- 29. Altschul SF, Madden TL, Schaffer AA, Zhang J, Zhang Z, Miller W, et al. Gapped BLAST and PSI-BLAST: a new generation of protein database search programs. Nucleic Acids Res. 1997; 25 (17): 3389–3402. pmid:9254694
- 30. Ahmad S, Sarai A. PSSM-based prediction of DNA binding sites in proteins. BMC Bioinformatics. 2005; 6: 33. pmid:15720719
- 31. Wang L, Yang MQ, Yang JY. Prediction of DNA-binding residues from protein sequence information using random forests. BMC Genomics. 2009; 10 Suppl 1: S1.
- 32. Hwang S, Gou Z, Kuznetsov IB. DP-Bind: a web server for sequence-based prediction of DNA-binding residues in DNA-binding proteins. Bioinformatics. 2007; 23 (5): 634–636. pmid:17237068
- 33. Ho SY, Yu FC, Chang CY, Huang HL. Design of accurate predictors for DNA-binding sites in proteins using hybrid SVM-PSSM method. Biosystems. 2007; 90 (1): 234–241. pmid:17275170
- 34. Wang L, Huang C, Yang MQ, Yang JY. BindN+ for accurate prediction of DNA and RNA-binding residues from protein sequence features. BMC Syst Biol. 2010; 4 Suppl 1: S3.
- 35. Wu J, Liu H, Duan X, Ding Y, Wu H, Bai Y, et al. Prediction of DNA-binding residues in proteins from amino acid sequences using a random forest model with a hybrid feature. Bioinformatics. 2009; 25 (1): 30–35. pmid:19008251
- 36. Wang J. Biochemistry Higher Education (in chinese). 2002.
- 37. Veljkovic V, Veljkovic N, Este JA, Huther A, Dietrich U. Application of the EIIP/ISM bioinformatics concept in development of new drugs. Curr Med Chem. 2007; 14 (4): 441–453. pmid:17305545
- 38. Bonchev D. The overall Wiener index—a new tool for characterization of molecular topology. J Chem Inf Comput Sci. 2001; 41 (3): 582–592. pmid:11410033
- 39. Vapnik VN. Statisical learning theory. Wiley, New York. 1998.
- 40. Kawashima S, Kanehisa M. AAindex: amino acid index database. Nucleic Acids Res. 2000; 28 (1): 374. pmid:10592278
- 41. Kumar M, Gromiha MM, Raghava GP. SVM based prediction of RNA-binding proteins using binding residues and evolutionary information. J Mol Recognit. 2011; 24 (2): 303–313. pmid:20677174
- 42. Han LY, Cai CZ, Lo SL, Chung MC, Chen YZ. Prediction of RNA-binding proteins from primary sequence by a support vector machine approach. RNA. 2004; 10 (3): 355–368. pmid:14970381
- 43. Cai CZ, Han LY, Ji ZL, Chen X, Chen YZ. SVM-Prot: Web-based support vector machine software for functional classification of a protein from its primary sequence. Nucleic Acids Res. 2003; 31 (13): 3692–3697. pmid:12824396
- 44. Dubchak I, Muchnik I, Holbrook SR, Kim SH. Prediction of protein folding class using global description of amino acid sequence. Proc Natl Acad Sci U S A. 1995; 92 (19): 8700–8704. pmid:7568000
- 45. Zhao H, Yang Y, Zhou Y. Structure-based prediction of DNA-binding proteins by structural alignment and a volume-fraction corrected DFIRE-based energy function. Bioinformatics. 2010; 26 (15): 1857–1863. pmid:20525822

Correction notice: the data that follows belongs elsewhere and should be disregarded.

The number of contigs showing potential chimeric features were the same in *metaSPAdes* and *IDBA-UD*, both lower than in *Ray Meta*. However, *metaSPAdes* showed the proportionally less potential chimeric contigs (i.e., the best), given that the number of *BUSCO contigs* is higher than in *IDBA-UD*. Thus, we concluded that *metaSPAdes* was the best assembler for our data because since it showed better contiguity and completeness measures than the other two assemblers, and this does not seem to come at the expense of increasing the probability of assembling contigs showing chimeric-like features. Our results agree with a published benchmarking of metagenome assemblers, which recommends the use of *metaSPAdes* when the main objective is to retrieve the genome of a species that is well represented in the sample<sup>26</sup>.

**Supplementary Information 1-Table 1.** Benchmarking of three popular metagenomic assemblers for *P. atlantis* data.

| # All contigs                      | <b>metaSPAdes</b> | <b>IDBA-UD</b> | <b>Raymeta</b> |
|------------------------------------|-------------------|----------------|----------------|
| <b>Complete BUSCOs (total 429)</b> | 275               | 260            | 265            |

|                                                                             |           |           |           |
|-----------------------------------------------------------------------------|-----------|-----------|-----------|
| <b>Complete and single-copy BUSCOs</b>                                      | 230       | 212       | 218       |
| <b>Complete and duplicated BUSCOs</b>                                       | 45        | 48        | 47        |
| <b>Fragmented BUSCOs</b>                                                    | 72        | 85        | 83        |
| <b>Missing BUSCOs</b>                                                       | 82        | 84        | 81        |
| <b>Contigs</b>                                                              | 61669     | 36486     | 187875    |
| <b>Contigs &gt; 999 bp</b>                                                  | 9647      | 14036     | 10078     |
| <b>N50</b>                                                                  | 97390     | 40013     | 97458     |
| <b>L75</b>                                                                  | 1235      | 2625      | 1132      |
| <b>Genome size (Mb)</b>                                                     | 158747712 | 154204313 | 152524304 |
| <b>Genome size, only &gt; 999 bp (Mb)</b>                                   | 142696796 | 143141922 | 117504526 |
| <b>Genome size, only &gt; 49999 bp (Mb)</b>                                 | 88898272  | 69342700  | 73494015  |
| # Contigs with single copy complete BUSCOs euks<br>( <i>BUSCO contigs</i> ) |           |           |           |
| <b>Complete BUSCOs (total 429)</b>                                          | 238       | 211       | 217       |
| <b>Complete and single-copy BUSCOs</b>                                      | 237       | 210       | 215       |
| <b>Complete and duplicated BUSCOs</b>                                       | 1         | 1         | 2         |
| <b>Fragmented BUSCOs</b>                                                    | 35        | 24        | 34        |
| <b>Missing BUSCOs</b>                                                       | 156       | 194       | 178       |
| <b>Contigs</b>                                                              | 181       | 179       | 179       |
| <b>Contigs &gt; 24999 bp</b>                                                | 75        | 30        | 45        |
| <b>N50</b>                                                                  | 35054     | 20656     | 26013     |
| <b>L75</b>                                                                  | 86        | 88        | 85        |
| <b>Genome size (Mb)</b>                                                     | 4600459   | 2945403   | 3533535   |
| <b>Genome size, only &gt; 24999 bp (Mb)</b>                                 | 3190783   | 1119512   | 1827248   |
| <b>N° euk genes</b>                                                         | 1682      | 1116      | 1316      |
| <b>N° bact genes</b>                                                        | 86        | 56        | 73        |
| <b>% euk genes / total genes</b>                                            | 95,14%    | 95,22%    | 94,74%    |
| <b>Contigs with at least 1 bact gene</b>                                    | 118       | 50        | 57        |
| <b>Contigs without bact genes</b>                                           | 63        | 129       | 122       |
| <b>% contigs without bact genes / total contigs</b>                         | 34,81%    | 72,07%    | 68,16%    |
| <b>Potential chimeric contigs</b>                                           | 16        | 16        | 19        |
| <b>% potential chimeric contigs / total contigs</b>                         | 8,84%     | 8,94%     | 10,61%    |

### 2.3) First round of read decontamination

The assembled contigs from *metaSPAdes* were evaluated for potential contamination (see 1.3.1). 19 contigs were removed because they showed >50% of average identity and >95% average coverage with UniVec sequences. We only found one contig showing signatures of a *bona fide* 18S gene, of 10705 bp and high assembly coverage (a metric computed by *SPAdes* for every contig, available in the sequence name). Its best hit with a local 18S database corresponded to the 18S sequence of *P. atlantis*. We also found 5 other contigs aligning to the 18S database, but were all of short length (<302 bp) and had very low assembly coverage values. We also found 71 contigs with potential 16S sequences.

- 46. Liaw AW M. Classification and regression by random forest. R News. 2002: 18–22.
- 47. Gao YF, Li BQ, Cai YD, Feng KY, Li ZD, Jiang Y. Prediction of active sites of enzymes by maximum relevance minimum redundancy (mRMR) feature selection. Mol Biosyst. 2013; 9 (1): 61–69. pmid:23117653
- 48. Gui T, Dong X, Li R, Li Y, Wang Z. Identification of hepatocellular carcinoma-related genes with a machine learning and network analysis. J Comput Biol. 2015; 22 (1): 63–71. pmid:25247452
- 49. Li BQ, Cai YD, Feng KY, Zhao GJ. Prediction of protein cleavage site with feature selection by random forest. PLoS One. 2012; 7 (9): e45854. pmid:23029276
- 50. Li BQ, Feng KY, Chen L, Huang T, Cai YD. Prediction of protein-protein interaction sites by random forest algorithm with mRMR and IFS. PLoS One. 2012; 7 (8): e43927. pmid:22937126
- 51. Li BQ, Hu LL, Chen L, Feng KY, Cai YD, Chou KC. Prediction of protein domain with mRMR feature selection and analysis. PLoS One. 2012; 7 (6): e39308. pmid:22720092
- 52. Ma X, Sun X. Sequence-based predictor of ATP-binding residues using random forest and mRMR-IFS feature selection. J Theor Biol. 2014; 360: 59–66. pmid:25014477
- 53. Wang J, Zhang D, Li J. PREAL: prediction of allergenic protein by maximum Relevance Minimum Redundancy (mRMR) feature selection. BMC Syst Biol. 2013; 7 Suppl 5: S9.
- 54. Zhang N, Zhou Y, Huang T, Zhang YC, Li BQ, Chen L, et al. Discriminating between lysine sumoylation and lysine acetylation using mRMR feature selection and analysis. PLoS One. 2014; 9 (9): e107464. pmid:25222670
- 55. Peng H, Long F, Ding C. Feature selection based on mutual information: criteria of max-dependency, max-relevance, and min-redundancy. IEEE Trans Pattern Anal Mach Intell. 2005; 27 (8): 1226–1238. pmid:16119262
- 56. Lin WZ, Fang JA, Xiao X, Chou KC. iDNA-Prot: identification of DNA binding proteins using random forest with grey model. PLoS One. 2011; 6 (9): e24756. pmid:21935457